One of the great transcontinental systems pays particular attention to the architecture of its station buildings, and in many instances the designs are studied with special reference to local conditions. In California, for example, the Mission style has very appropriately been adapted to railway-station requirements. In another part of the Southwest an elaborate hotel and passenger-station combined was designed in the Spanish Colonial style, a choice most appropriate to the history and surroundings of the locality.

On another great system operating in the arid Southwest the local conditions are charmingly reflected in the grounds of one of the stations, where the agent has carried out an original scheme of a cactus garden with a rich representation of all the varieties obtainable in the neighborhood.

Scarsdale Station, Harlem Division of New York Central

One gratifying feature of railway conditions west of the Mississippi is the fact that the advertising nuisance, represented in gigantic bill-boards and the defacement of buildings by huge signs, which has grown to such an intolerable extent in the East, has taken but slight hold.

One of the most elaborate and comprehensive schemes of railway improvement ever undertaken is that adopted by a great company whose lines extend through several of the Southern States. Some of the features of this policy are of an extraordinary character. They transcend the limitations of embellishment and make the railway a great civilizing agent, with functions to that end exerted beyond its more immediate sphere as a common carrier. It thus comes in touch, socially and industrially, with the life of the people to an unusual degree, and is affecting that life profoundly and beneficently.

More than any other part of the United States, the South has been marked by a neglected aspect of things. This general behind-the-times effect has been one of the greatest drawbacks to the progress of the South. The management of this railway, aware how heavily its possibilities were handicapped by such conditions, set actively out to better them. It recognized that the value of the property was dependent upon the character of the tributary population; that increased popular intelligence meant increased prosperity, and consequently increased earning capacity for the railway. A broad scheme of development was therefore entered upon, and the work of lifting the population of six great States to higher levels of life, and consequently to vastly heightened productive efficiency, was undertaken along several important lines of coordinated effort. The office of Chief Industrial Agent was created, and the entire work was intrusted to a man of uncommon energy, breadth of view, and executive capacity. This official thoroughly appreciated the situation, and threw himself heart and soul into his task.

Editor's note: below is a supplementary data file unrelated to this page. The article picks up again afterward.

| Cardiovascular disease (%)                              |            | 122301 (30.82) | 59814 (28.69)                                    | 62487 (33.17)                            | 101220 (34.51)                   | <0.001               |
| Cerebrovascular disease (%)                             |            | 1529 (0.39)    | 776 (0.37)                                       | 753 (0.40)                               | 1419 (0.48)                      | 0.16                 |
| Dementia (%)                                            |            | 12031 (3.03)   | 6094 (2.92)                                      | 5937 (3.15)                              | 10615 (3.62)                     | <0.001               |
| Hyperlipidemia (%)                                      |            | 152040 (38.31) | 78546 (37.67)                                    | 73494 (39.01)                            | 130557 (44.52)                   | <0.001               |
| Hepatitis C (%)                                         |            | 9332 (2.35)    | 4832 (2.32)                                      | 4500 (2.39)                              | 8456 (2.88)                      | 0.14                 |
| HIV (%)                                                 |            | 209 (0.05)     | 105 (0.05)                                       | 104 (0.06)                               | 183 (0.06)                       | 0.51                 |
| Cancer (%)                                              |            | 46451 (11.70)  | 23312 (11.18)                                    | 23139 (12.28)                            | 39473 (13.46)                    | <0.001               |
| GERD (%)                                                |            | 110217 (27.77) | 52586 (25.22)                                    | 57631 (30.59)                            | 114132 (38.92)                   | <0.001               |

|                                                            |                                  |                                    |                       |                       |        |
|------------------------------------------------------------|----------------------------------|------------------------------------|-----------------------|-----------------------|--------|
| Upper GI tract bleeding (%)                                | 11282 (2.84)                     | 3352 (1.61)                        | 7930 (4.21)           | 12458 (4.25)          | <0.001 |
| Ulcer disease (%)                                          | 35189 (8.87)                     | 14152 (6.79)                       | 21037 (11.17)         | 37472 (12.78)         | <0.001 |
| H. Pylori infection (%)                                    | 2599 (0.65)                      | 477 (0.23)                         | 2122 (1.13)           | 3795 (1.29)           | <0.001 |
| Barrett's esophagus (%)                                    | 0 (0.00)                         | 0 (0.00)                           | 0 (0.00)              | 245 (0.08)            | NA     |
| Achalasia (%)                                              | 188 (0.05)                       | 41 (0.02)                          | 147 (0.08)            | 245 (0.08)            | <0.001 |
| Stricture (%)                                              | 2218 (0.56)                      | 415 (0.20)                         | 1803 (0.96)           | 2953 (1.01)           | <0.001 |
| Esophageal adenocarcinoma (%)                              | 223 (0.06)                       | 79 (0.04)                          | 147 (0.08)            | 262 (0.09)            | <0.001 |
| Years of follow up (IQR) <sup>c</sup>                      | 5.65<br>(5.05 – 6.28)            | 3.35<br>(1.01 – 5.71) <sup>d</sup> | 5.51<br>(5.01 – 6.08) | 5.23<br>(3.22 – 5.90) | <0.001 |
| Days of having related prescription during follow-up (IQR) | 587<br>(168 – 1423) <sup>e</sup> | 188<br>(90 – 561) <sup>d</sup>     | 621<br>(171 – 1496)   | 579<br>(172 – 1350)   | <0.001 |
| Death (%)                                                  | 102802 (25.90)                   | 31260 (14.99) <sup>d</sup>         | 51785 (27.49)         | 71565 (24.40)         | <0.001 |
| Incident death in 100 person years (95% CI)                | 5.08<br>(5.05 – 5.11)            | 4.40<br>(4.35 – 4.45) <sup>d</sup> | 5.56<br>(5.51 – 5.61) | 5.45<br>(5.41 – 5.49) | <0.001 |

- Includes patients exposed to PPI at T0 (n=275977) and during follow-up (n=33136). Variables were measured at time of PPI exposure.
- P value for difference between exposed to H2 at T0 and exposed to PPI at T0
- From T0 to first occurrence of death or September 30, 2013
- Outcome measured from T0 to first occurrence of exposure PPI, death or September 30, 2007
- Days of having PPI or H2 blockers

One of the first aims was to organize local improvement associations at all possible points. Sub-agents were appointed in each town whose duty was to advance local interests by cooperating with the plans of the company. The railway did its part by improving the surroundings of its stations with tree-planting and gardening, and entered upon the' remarkable work of bordering its road-bed with margins of grass for a length of a thousand miles or more.

Deal Beach Station, Central Railroad of New Jersey